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Single channel, Super 8 film, colour, sound
This film shows the beginning of the disappearing process of her hometown, Wanxian, a small town on the shore of the Yangtze River that was demolished and partially covered by the rising waters of the Three Georges Dam. Equipped with a basic digital camera and no cinematographic formation, she documented the destruction of the landscape where she spent her childhood. The result was the first of three videos, titled Farewell Poem (2002), followed by River, River, 2005, and The Garden, 2007, each corresponding to a stage of the Wanxian flood.
Chen Qiulin shows Wanxian’s successive disintegration by adopting a fragmented narrative, in which documentary scenes of building demolitions alternate with colourful excerpts from the opera Farewell My Concubine. Her video brings together an urban choreography of destruction with gestures of artists who make themselves to perform at the opera, pointing out the contrast between the brutal urbanization of Chinese society and the rapid reconfiguration of its traditions. In another scene, dressed as the Concubine Yu, Chen Qiulin stages on the ruins of a traditional opera theatre making visible, with a certain melancholy, the atrocities hidden in the erasures and creations of urban landscapes.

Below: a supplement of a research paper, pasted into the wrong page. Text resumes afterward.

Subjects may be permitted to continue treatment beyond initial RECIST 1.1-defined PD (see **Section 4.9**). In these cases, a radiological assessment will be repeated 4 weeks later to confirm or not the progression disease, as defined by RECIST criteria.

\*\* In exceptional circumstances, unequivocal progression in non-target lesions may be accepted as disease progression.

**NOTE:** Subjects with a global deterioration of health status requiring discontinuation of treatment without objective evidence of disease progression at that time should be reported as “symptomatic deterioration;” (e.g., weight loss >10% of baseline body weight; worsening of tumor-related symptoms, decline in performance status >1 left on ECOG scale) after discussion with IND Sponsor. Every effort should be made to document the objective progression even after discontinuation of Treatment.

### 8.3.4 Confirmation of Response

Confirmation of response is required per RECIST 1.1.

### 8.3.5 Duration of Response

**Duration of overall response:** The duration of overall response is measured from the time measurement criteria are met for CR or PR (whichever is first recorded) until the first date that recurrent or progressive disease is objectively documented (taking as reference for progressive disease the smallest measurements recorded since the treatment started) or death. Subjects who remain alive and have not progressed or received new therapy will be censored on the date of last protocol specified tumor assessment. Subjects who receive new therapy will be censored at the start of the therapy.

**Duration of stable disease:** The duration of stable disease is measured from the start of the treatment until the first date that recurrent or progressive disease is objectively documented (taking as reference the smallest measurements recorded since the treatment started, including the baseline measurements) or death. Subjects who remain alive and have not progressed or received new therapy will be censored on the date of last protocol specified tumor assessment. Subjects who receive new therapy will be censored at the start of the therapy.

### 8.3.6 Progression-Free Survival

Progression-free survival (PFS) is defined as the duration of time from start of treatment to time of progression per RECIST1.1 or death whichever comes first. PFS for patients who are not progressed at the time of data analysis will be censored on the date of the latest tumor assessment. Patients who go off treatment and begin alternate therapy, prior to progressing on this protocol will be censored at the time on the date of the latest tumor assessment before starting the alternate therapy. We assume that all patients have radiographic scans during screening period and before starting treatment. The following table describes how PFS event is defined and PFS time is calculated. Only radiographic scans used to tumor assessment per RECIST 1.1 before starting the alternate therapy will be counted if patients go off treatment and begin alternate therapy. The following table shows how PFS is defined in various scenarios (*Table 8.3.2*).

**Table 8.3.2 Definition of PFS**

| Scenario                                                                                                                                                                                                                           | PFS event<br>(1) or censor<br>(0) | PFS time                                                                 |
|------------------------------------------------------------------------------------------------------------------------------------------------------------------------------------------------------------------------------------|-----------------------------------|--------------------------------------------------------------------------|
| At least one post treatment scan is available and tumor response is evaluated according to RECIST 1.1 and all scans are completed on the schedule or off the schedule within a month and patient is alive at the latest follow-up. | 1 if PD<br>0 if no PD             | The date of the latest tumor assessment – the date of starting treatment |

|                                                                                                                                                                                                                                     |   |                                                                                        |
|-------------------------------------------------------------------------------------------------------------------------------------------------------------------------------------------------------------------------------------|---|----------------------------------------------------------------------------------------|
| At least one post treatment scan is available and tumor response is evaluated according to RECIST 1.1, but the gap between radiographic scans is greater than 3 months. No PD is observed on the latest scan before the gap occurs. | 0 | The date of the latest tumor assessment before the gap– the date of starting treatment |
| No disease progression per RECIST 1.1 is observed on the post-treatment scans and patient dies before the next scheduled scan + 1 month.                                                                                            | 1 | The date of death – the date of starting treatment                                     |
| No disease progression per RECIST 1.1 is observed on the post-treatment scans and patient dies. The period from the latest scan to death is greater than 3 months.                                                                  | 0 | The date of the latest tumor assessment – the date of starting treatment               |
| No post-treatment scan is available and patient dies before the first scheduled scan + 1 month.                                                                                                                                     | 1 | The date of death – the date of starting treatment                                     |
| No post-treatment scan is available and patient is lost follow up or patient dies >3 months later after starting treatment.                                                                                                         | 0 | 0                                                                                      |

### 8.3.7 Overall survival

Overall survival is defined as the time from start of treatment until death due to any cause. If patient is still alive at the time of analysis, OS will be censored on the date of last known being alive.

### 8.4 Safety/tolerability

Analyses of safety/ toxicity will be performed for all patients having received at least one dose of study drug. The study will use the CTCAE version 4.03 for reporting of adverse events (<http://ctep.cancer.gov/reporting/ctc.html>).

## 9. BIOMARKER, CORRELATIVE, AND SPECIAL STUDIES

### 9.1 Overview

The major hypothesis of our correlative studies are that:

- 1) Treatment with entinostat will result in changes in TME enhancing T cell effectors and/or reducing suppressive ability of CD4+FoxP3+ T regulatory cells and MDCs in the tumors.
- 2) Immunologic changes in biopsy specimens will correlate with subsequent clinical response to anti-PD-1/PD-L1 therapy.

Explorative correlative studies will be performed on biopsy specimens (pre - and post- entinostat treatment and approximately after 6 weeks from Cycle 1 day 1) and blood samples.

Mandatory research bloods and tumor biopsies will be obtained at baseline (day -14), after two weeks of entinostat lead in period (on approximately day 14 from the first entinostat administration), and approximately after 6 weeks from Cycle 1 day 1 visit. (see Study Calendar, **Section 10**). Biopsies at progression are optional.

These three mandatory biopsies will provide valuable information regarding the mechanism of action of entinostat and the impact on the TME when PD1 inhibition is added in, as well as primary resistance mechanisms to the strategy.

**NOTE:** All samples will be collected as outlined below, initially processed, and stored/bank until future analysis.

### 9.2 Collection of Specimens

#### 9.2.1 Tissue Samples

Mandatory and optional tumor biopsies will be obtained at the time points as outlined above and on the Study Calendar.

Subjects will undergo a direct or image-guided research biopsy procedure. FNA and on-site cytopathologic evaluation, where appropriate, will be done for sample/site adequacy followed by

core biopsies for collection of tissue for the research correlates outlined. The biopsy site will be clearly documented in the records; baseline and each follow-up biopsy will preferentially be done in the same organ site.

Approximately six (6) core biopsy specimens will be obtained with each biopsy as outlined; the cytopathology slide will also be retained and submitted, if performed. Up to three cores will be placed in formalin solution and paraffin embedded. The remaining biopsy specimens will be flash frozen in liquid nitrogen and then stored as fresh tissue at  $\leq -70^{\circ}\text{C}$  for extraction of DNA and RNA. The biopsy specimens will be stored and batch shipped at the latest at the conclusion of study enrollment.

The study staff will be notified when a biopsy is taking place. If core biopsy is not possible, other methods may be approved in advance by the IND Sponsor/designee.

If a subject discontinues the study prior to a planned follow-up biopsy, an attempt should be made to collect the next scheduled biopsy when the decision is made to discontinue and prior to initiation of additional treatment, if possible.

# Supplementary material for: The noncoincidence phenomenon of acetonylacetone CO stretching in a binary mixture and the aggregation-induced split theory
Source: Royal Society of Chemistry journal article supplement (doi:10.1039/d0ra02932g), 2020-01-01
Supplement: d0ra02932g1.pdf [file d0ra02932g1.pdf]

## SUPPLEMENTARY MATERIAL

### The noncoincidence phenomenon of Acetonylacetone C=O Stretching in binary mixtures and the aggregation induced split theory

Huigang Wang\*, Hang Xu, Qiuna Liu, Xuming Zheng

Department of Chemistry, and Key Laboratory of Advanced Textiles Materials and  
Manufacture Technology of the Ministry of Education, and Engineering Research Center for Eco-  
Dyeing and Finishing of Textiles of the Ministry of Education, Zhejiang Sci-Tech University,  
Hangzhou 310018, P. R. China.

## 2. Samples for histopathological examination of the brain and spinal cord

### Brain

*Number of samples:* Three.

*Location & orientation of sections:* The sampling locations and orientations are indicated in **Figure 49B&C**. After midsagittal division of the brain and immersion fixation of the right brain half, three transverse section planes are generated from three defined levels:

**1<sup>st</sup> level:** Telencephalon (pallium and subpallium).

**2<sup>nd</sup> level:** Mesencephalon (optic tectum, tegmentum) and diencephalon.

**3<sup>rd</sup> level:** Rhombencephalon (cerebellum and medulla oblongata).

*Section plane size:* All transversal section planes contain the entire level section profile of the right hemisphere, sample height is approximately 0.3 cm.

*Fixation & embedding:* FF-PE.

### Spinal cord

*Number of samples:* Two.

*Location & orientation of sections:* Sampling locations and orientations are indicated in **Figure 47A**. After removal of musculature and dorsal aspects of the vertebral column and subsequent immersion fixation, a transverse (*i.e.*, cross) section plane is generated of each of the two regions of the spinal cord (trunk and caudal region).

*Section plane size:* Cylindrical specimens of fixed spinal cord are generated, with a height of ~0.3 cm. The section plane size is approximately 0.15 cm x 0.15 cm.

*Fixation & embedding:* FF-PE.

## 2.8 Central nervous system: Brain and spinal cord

The use of documental footage intertwined with the artist’s personal memories produces a double gesture: while reporting the situation of almost 1.3 million people affected by the construction of the dam, Farewell Poem also expresses the individual mourning of Chen, who witnessed the destruction of an affective cartography. In this sense, the video operates as a critical tool, revealing that collective narratives and individual identities are not autonomous and separate spheres but, instead, interconnected dynamics that feed back to one another.
Farewell Poem marks also the shift of paradigms that have occurred in the last two decades in China and by the social, psychic and environmental effects produced by these reconfigurations. The generation to which the artist belongs did not experience the agitations of the Cultural Revolution, but witnessed the development of a society in frank economic growth, in which temporal and spatial references were largely lost due to an accelerated urbanization.
Chen Qiulin’s practice is therefore an example of the agency capacity of video art once it brings new significations and understandings to images we are constantly exposed to. In a time in which even the most barbarous images became banal, Chen Qiulin’s video piece is able to rouse sensibility again and to reactivate certain lost retinal affectability, that is the ability people still have to be affected by images.